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  • Geographical Roots

    The Geographical Origins of Henna

    May 29th, 2007

    Henna is known locally throughout the Middle East and North Africa as ‘Henna’ or ‘Hene’ and is known as ‘Mendhi’ or ‘Mehendi’ in India & Pakistan. For a list of lesser known common names click here.

    Henna powder destined for colouring the hair & adorning the skin is made from the crushed leaves of the Henna Plant Lawsonia Inermis, a tall shrub-like plant that thrives in hot and dry climates. Much of the world’s henna powder comes Read the full article »

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    The Many Names Of Henna…

    January 4th, 2007

    Scientific Name Preferred Scientific Name: Lawsonia Inermis L

    Other Scientific Names
    Lawsonia alba Lam. (no longer recognised as the scientific name)

    Trade Name
    Henna Read the full article »

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    The Henna Plant, Propagation and Cultivation

    January 4th, 2007

    Lawsonia Inermis in flower and fruit

    Sweet smelling henna flower, for perfumery.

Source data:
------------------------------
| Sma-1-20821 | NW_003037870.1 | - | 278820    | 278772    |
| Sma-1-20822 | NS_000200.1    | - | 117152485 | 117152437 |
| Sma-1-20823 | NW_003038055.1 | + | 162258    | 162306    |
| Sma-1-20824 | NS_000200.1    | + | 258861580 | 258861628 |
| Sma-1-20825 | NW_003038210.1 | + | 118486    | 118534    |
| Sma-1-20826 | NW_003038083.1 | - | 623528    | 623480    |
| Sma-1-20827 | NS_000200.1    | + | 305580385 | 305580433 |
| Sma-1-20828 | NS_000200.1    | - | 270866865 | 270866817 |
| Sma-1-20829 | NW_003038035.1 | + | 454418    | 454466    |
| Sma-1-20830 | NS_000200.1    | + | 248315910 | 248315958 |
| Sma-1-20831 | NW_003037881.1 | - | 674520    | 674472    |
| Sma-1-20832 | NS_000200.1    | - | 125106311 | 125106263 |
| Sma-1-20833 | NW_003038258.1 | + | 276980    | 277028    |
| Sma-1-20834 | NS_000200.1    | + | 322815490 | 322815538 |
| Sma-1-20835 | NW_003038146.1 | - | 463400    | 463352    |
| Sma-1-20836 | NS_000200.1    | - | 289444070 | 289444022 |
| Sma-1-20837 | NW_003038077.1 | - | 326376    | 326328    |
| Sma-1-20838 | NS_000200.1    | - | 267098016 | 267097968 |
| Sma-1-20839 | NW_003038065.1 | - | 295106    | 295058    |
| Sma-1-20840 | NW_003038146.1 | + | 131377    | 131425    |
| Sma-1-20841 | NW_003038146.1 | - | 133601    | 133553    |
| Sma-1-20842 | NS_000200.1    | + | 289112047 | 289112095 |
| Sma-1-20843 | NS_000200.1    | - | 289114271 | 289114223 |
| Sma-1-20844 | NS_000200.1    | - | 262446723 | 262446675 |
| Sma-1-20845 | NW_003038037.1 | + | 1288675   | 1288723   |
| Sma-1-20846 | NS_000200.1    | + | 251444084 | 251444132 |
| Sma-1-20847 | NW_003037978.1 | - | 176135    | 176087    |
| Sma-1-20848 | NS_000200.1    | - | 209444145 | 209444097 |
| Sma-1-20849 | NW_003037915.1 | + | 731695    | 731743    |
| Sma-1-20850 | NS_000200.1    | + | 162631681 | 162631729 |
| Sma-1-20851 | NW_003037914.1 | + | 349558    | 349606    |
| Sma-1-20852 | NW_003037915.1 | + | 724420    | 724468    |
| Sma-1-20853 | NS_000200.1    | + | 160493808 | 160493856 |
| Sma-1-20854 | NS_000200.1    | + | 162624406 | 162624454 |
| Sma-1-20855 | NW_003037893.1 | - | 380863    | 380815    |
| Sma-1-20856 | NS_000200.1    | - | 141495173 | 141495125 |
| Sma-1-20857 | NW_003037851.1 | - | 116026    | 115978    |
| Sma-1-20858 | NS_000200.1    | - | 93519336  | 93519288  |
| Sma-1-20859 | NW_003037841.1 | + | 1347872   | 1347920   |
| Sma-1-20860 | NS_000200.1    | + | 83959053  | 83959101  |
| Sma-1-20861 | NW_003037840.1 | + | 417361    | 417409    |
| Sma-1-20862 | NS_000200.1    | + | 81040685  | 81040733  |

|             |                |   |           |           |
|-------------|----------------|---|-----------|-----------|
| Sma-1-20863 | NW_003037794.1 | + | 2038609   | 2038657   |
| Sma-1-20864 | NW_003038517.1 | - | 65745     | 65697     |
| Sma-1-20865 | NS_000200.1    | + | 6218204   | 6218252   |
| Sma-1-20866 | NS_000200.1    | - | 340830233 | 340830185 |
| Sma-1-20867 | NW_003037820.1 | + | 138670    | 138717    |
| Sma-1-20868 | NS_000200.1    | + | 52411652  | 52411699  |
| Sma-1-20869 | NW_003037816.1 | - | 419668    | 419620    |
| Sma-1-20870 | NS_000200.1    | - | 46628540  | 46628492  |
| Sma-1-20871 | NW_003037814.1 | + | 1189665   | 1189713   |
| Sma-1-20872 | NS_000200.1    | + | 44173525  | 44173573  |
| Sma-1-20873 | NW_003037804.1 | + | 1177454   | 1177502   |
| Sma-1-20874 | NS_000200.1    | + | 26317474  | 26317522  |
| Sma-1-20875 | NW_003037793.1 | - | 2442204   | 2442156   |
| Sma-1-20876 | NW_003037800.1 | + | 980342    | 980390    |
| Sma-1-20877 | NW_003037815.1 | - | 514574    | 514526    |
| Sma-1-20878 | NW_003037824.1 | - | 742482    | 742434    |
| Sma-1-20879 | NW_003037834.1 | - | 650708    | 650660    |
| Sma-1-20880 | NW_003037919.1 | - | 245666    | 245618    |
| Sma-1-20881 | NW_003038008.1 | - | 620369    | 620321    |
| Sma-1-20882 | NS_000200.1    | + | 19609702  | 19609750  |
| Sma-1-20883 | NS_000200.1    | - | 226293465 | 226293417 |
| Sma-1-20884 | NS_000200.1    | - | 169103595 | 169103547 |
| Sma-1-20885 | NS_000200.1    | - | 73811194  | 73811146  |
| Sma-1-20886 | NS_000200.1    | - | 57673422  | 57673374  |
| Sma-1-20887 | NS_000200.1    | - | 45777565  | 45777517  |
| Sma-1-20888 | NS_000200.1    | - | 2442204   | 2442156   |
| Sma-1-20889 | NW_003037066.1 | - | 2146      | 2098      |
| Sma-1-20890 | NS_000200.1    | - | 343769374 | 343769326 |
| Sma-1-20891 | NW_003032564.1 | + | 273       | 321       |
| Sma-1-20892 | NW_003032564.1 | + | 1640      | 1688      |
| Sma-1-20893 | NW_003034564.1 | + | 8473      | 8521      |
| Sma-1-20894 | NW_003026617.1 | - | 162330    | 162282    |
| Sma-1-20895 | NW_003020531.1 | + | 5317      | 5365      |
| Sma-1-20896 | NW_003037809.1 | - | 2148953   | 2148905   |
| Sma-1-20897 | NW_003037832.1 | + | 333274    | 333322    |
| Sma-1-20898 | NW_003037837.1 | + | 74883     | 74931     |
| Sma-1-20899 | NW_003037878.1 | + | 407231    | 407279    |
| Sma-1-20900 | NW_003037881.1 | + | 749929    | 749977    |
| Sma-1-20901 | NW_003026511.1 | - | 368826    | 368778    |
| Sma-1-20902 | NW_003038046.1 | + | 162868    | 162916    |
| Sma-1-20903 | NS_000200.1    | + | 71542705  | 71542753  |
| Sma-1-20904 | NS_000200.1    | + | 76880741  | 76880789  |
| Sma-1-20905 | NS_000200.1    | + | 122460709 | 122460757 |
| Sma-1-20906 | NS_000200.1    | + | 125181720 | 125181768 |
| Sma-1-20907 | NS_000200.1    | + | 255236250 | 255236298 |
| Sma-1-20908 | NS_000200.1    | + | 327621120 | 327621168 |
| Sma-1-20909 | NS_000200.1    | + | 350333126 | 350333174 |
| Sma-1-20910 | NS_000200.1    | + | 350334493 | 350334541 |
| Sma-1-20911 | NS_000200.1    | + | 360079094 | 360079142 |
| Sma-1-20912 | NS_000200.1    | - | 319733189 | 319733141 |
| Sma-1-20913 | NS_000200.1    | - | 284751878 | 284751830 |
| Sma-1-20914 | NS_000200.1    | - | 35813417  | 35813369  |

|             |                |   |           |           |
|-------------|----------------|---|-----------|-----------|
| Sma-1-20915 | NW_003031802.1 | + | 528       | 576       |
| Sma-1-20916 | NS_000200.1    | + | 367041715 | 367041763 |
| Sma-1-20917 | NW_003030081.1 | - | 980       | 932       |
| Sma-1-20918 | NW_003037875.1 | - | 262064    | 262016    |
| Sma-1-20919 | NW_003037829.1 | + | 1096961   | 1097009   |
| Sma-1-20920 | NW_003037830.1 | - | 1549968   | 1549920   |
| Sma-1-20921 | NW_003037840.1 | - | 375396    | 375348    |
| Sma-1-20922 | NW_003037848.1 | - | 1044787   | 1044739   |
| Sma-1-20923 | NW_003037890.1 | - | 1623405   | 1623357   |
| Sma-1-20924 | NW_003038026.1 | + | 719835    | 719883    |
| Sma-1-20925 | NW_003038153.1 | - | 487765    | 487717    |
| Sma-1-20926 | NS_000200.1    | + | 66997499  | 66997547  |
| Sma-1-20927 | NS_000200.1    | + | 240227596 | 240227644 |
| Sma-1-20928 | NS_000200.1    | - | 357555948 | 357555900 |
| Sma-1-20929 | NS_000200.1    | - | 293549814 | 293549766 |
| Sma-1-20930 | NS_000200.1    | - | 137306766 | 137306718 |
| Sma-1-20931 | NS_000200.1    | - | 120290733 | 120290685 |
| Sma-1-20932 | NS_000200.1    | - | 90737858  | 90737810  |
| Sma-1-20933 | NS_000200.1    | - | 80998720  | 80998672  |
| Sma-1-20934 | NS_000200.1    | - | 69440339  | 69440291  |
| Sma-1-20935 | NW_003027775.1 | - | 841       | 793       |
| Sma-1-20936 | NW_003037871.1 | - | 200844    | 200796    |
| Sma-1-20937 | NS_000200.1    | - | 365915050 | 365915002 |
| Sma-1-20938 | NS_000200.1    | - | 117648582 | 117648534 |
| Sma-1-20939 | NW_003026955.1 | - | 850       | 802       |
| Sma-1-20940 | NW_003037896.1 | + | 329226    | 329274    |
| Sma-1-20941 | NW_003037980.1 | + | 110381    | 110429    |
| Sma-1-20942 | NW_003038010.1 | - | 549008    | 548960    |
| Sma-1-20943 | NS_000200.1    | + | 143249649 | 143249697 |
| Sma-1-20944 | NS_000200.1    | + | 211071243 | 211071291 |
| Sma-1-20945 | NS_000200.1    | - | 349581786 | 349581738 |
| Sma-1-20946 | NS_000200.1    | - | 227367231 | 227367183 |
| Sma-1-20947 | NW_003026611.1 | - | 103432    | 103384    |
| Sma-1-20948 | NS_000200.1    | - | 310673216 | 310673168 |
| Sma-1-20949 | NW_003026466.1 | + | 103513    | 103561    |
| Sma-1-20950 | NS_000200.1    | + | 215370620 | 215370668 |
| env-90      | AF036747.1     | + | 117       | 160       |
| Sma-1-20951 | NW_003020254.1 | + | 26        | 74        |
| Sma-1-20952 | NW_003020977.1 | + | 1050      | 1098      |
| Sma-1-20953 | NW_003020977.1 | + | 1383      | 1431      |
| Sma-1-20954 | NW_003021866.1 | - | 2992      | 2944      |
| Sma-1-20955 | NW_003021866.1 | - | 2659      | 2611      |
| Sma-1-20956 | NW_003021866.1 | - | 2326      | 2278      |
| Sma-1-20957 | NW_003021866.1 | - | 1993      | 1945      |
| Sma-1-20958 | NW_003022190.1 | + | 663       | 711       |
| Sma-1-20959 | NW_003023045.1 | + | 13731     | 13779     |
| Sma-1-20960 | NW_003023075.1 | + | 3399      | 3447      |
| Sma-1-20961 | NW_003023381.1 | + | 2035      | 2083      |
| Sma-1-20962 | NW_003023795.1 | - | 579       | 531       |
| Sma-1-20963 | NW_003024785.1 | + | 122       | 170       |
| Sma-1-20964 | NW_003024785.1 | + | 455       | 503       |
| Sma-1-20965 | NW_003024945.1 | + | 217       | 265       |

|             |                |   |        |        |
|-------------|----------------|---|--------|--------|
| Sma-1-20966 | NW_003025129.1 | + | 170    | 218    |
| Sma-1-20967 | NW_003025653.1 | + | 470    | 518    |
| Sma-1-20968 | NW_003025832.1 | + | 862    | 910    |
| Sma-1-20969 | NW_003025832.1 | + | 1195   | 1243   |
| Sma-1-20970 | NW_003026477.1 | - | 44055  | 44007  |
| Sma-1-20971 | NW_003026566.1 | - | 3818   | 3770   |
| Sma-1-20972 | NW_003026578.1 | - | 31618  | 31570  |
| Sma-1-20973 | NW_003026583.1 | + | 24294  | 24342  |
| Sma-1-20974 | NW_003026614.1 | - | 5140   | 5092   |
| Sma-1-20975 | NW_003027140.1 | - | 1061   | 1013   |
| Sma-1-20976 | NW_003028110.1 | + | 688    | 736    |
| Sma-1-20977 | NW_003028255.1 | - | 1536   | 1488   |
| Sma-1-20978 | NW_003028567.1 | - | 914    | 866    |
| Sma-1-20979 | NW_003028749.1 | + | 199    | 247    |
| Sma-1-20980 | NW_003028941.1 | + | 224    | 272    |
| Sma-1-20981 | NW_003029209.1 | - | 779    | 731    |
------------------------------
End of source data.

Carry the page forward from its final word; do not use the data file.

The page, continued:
Origin and Geographical Distribution
    Lawsonia Inermis is native throughout the Middle East, North Africa and the Indian subcontinent. It flourishes in sunny positions in heavy soils that hold moisture well – though it will grow almost anywhere in these regions. These days it is also widely cultivated in China, The West Indies and Australia as well as in its native countries.

    Propagation Lawsonia Inermis grows wild throughout its native countries, and is also a common tree found in gardens and villages. However these days it is mainly cultivated on a large scale as it is a valuable cash crop. It is a perennial plant, and with the exception of the initial year, it can be harvested twice a year in April/May and October/November. Initial yields are low, but increase to around 1,700kg per hectare, and up to 2,000kg per irrigated hectare. For a good crop with a high Lawsone content in the leaves a temperature of around 25 degrees C is required, henna grown in lower temperatures may look the same, but will be produce far inferior quality henna powder, with a poor colour content. It is also important to dry the leaves fast and out of direct sunlight, to retain the colouring properties. It is after all the lawsone content that drives the market for this valuable cash crop, local people have used henna powder, chiefly as a cosmetic for thousands of years, hence its dispersal throughout North Africa, The Middle East & the Indian Subcontinent.

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